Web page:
It's clear that many kids are breaking down in college. But most of the issues affecting them are at play well before they get to college age.
If you wish to understand what is happening with young adults, it's wise to focus on teenagers. We have all heard about the male loner who suddenly blows people up, like the pipe bomber or the Columbine kids. We are learning about the girls who are as aggressive as the boys but who are indirect in their aggression, the so-called mean girls syndrome. They are the most visible symbols of some disturbing trends.
By any measure, our young people are in trouble. Rates of depression and anxiety are soaring—and getting worse. Possibly one out of three teens will end up with significant clinical depression needing treatment. Their suicide rates have tripled.
We need to take action. If you are the parent or sibling of a teenager, or come in contact with them on a regular basis, there is information you need to have and strategies to adopt. I want to focus this article on teenage girls.
Make no assumptions that you know what is really going on. Recognize that you are ignorant even though you'd love to believe you're not. Teenagers represent the most classic case of what you see is not what you get. One major reason parents are out of touch is that to be in touch takes a great deal of time and parents are just too harried.
Recognize that to be in touch requires new communications skills, and they have to be learned if you expect to connect with and understand these kids. All the skills that worked up to this point no longer work.
Turn to the real experts for answers, the people who are immersed in the peer culture teens set up for themselves, adults who work with teens day in and day out and know how to help them. Take workshops and classes where you get hands-on training in skill-building.
One of the best sources of information is The Inside Story on Teen Girls, by Alice Rubenstein, Ed.D., and Karen Zager, Ph.D. The book was published by the American Psychological Association.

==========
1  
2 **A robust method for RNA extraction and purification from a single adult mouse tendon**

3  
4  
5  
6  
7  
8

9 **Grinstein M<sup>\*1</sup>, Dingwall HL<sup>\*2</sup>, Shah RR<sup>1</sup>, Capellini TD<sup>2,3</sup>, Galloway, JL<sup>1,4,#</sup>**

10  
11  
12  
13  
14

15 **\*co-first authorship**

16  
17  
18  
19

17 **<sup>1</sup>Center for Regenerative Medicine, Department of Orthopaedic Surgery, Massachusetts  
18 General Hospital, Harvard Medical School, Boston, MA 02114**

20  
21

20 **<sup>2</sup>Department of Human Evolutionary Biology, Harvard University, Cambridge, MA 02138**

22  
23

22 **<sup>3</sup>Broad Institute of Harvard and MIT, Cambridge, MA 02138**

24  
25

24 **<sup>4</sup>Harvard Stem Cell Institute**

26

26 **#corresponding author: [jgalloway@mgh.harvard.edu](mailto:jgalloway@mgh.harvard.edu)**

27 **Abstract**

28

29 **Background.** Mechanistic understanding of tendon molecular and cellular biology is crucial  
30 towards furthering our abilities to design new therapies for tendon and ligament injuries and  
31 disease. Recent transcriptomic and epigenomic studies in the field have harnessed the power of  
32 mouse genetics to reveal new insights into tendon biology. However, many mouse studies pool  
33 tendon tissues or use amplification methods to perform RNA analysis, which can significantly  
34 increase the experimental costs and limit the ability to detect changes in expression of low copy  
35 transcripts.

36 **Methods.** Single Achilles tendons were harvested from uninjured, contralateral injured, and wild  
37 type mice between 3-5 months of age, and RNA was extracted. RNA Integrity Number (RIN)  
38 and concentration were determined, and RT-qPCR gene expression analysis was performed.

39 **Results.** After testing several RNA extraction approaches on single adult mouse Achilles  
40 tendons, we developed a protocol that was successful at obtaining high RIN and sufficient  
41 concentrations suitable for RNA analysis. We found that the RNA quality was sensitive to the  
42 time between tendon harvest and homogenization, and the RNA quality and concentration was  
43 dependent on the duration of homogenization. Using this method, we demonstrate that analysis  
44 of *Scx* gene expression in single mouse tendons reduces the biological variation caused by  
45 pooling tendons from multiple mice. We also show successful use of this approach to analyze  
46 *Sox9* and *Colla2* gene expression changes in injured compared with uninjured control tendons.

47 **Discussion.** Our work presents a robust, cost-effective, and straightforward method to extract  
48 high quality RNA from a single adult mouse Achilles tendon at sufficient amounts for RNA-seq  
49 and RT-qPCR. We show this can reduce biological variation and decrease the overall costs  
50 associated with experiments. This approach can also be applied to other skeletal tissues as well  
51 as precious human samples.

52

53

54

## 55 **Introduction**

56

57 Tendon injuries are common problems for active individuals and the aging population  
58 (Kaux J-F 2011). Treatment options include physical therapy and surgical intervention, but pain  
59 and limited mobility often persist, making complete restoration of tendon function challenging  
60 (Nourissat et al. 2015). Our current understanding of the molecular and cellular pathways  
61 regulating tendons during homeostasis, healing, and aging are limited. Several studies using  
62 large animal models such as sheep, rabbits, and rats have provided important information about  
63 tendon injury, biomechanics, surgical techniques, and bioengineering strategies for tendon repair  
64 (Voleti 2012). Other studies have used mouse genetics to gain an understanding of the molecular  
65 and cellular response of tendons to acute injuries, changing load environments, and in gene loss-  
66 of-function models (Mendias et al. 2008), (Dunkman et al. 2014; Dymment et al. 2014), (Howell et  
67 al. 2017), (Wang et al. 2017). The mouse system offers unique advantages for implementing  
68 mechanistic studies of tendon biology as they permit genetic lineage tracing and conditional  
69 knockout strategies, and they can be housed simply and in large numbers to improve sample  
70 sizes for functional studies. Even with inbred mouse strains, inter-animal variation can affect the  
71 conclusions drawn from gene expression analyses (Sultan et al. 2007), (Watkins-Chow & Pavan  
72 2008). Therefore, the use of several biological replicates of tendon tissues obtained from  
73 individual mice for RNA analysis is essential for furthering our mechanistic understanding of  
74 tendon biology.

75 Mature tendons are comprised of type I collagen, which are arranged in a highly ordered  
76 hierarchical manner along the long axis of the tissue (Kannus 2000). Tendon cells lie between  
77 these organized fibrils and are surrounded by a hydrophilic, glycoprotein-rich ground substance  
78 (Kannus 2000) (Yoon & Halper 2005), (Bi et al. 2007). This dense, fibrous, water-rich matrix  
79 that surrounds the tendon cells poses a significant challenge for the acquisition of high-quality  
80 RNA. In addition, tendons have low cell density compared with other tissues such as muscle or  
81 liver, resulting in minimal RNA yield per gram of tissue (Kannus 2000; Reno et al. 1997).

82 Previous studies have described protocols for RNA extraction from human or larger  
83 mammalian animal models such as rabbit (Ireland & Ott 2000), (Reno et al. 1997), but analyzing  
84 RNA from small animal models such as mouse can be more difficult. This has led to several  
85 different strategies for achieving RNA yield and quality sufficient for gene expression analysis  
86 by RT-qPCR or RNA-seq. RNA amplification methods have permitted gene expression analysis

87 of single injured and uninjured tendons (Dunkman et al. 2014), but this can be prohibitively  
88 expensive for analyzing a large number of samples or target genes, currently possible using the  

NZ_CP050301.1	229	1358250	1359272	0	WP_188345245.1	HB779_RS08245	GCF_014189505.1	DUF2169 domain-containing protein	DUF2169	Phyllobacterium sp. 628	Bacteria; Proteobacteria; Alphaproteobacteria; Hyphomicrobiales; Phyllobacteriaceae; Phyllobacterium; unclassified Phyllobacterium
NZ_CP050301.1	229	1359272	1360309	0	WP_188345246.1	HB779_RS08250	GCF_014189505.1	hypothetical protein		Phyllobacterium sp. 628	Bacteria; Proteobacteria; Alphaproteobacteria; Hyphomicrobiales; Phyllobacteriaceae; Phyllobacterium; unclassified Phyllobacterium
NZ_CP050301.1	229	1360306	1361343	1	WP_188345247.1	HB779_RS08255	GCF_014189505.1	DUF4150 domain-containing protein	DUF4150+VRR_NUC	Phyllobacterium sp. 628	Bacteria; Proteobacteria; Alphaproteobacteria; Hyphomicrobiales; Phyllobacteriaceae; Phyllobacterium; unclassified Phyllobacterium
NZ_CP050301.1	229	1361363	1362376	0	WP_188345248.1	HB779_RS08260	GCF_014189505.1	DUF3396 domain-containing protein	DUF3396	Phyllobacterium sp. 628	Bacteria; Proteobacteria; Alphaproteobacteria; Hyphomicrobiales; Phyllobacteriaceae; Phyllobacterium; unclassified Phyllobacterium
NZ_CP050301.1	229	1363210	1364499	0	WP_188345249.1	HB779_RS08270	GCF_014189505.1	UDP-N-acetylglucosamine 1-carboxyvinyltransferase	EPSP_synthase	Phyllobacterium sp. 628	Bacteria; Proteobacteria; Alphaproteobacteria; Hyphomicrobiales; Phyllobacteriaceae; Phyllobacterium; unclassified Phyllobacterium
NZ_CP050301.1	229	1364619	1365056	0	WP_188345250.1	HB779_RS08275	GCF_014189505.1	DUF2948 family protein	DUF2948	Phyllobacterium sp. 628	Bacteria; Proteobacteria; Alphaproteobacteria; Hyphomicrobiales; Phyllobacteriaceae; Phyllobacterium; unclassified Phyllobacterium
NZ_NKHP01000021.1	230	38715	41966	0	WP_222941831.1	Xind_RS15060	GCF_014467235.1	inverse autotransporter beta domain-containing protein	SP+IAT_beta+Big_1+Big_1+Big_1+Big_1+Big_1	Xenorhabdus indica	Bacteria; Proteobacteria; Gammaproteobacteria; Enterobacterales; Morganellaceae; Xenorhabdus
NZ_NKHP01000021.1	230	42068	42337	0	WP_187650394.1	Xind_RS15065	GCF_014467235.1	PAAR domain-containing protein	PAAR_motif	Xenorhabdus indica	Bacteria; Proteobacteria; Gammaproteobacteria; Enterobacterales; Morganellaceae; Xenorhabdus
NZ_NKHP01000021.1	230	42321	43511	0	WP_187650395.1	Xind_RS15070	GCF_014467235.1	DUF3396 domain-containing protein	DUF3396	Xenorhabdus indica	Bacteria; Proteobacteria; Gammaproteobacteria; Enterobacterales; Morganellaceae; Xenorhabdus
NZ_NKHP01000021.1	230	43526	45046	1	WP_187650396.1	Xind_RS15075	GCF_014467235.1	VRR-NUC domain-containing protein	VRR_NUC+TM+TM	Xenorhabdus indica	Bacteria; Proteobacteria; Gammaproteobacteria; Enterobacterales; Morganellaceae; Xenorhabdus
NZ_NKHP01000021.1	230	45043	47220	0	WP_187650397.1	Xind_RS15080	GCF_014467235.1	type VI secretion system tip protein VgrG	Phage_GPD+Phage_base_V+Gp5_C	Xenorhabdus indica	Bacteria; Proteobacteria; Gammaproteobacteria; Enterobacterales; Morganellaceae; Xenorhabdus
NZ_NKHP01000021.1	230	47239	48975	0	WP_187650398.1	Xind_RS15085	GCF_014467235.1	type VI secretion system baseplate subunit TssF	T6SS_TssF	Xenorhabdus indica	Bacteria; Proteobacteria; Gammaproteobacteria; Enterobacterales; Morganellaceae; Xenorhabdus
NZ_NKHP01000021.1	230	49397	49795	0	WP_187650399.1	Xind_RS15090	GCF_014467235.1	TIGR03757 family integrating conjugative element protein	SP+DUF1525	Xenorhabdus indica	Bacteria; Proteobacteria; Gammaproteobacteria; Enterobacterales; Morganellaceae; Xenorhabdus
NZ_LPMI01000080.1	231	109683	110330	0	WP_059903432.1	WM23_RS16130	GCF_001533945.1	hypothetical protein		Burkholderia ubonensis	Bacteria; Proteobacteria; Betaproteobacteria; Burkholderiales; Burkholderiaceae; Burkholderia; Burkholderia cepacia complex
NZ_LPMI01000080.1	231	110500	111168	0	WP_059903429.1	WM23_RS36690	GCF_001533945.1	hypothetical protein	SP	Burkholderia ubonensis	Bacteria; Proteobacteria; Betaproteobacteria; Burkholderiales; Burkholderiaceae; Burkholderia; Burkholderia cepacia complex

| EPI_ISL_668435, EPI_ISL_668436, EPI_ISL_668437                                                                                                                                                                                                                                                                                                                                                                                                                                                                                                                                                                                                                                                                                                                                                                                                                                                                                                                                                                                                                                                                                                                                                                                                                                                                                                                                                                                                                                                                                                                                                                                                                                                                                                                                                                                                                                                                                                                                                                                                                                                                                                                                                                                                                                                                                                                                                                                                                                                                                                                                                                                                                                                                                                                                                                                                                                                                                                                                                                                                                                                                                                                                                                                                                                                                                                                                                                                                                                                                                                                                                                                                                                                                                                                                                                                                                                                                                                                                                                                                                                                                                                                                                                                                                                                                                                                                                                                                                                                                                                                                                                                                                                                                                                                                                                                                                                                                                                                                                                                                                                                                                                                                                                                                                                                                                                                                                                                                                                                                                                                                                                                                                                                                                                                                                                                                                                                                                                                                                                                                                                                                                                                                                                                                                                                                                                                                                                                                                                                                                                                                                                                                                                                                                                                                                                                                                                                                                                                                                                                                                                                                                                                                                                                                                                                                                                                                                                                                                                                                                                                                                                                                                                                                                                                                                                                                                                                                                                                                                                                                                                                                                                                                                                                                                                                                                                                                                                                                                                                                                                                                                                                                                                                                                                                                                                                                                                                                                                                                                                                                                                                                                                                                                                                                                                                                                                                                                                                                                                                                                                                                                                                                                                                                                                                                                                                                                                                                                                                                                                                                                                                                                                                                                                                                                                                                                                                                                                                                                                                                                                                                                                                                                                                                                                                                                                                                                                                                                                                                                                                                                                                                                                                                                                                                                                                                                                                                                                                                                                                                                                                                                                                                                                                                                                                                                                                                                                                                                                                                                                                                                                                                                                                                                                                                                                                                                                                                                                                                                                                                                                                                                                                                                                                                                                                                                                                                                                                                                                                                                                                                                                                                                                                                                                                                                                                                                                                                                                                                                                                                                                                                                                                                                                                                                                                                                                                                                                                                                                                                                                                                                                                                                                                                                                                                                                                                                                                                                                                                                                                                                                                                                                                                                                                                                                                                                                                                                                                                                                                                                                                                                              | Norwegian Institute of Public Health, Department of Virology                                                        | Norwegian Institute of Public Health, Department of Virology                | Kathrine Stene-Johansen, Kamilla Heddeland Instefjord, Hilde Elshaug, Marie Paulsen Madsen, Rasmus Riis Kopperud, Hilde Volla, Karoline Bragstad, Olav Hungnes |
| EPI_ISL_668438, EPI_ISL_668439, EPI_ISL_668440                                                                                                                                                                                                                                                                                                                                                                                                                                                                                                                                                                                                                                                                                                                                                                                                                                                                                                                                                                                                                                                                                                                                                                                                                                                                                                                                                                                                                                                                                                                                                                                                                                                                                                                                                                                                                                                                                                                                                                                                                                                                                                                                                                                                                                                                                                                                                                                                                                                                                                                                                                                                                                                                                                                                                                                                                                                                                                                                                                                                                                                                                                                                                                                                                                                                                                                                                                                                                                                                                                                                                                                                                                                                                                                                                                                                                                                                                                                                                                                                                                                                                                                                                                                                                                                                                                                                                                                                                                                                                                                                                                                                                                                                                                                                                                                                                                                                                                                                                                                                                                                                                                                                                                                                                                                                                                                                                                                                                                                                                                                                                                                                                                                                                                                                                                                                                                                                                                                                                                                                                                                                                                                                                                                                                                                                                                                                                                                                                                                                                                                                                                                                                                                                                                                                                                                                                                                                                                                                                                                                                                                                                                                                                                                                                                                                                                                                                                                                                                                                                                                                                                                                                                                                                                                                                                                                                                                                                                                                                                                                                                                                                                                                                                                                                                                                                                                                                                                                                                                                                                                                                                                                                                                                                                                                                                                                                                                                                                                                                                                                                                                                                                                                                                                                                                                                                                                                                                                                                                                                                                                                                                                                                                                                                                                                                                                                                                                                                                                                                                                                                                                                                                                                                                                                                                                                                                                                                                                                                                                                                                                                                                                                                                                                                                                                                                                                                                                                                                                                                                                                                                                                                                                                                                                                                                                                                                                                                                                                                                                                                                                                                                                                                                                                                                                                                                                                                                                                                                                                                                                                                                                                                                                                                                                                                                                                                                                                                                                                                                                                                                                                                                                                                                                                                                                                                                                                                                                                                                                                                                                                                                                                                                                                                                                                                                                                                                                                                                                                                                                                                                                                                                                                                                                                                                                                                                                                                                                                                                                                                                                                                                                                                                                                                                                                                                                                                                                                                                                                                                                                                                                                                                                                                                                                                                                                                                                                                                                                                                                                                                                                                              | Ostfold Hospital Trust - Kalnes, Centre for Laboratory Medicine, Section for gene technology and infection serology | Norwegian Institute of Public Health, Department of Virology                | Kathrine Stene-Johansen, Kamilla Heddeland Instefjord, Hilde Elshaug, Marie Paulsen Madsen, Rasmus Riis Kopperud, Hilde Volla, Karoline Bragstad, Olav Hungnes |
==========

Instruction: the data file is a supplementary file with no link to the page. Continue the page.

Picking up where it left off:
Appreciate how different their world is from ours, and expose yourself to the culture your kids are immersed in. Look on it as an anthropological exploration. Ask kids what's hip and what they are paying attention to. Watch a half hour of MTV for a couple of weeks. Ask your kids to show you some of their favorite computer games and video games. Look at the magazines teen girls read. Go online to good teen websites.
Take all the expertise you've gathered and distill it down to some core action strategies that will work with your particular kids.
Let your kids know that you're really interested in learning about them and their lives without judging or controlling—and that it can be at their time and in their way.
Make yourself available at the most inconvenient times. Your kids will purposely choose the worst time of your day or week to open up to you. They want to talk when you're exhausted, in bed, and they've just come home at curfew time.
You have to mobilize your values and realize that your exhaustion is not worth missing an opportunity to connect. In the long run connection produces more value than a night's sleep.
Whatever else, avoid comments—positive or negative—about body appearance. Any remarks are triggers to cultural craziness on the topic. Instead talk about health and strength.
Engage in activities together, which then tend to open up opportunities for communication and connection, rather than sitting down eyeball to eyeball. One of the very best approaches is a shared fitness activity. Walk, run or do yoga together; or go to the gym and lift weights together. Take in a museum exhibit on video art. Go to a movie like Bridget Jones' Diary. But don't go shopping together.
There are many reasons why depression is rampant in young people. They face unprecedented pressures to succeed. The college race is harder and more uncertain than ever. As the pressure has increased, so has anxiety, because adults aren't there to teach kids how to handle it. It's exploding in eating disorders, anxiety disorders and aggression.
This is the first generation of divorce, the product of absentee parents and lots of conflict.
Today's teens face more pressure for sexual activity earlier, a situation that can be very depressing for those who aren't ready or don't know what to do.
There is an epidemic of low self-esteem, because parents haven't had the time it takes to build it. That has left adolescent girls prey to body image issues.
It's critical to go after depression in the young. We now know that there is a kindling effect: the younger you are when you get your first depression, the more at risk you are for serious adult depressions with more frequency. The faster anyone can pick up on depression and its signs in young people, the quicker they can be helped.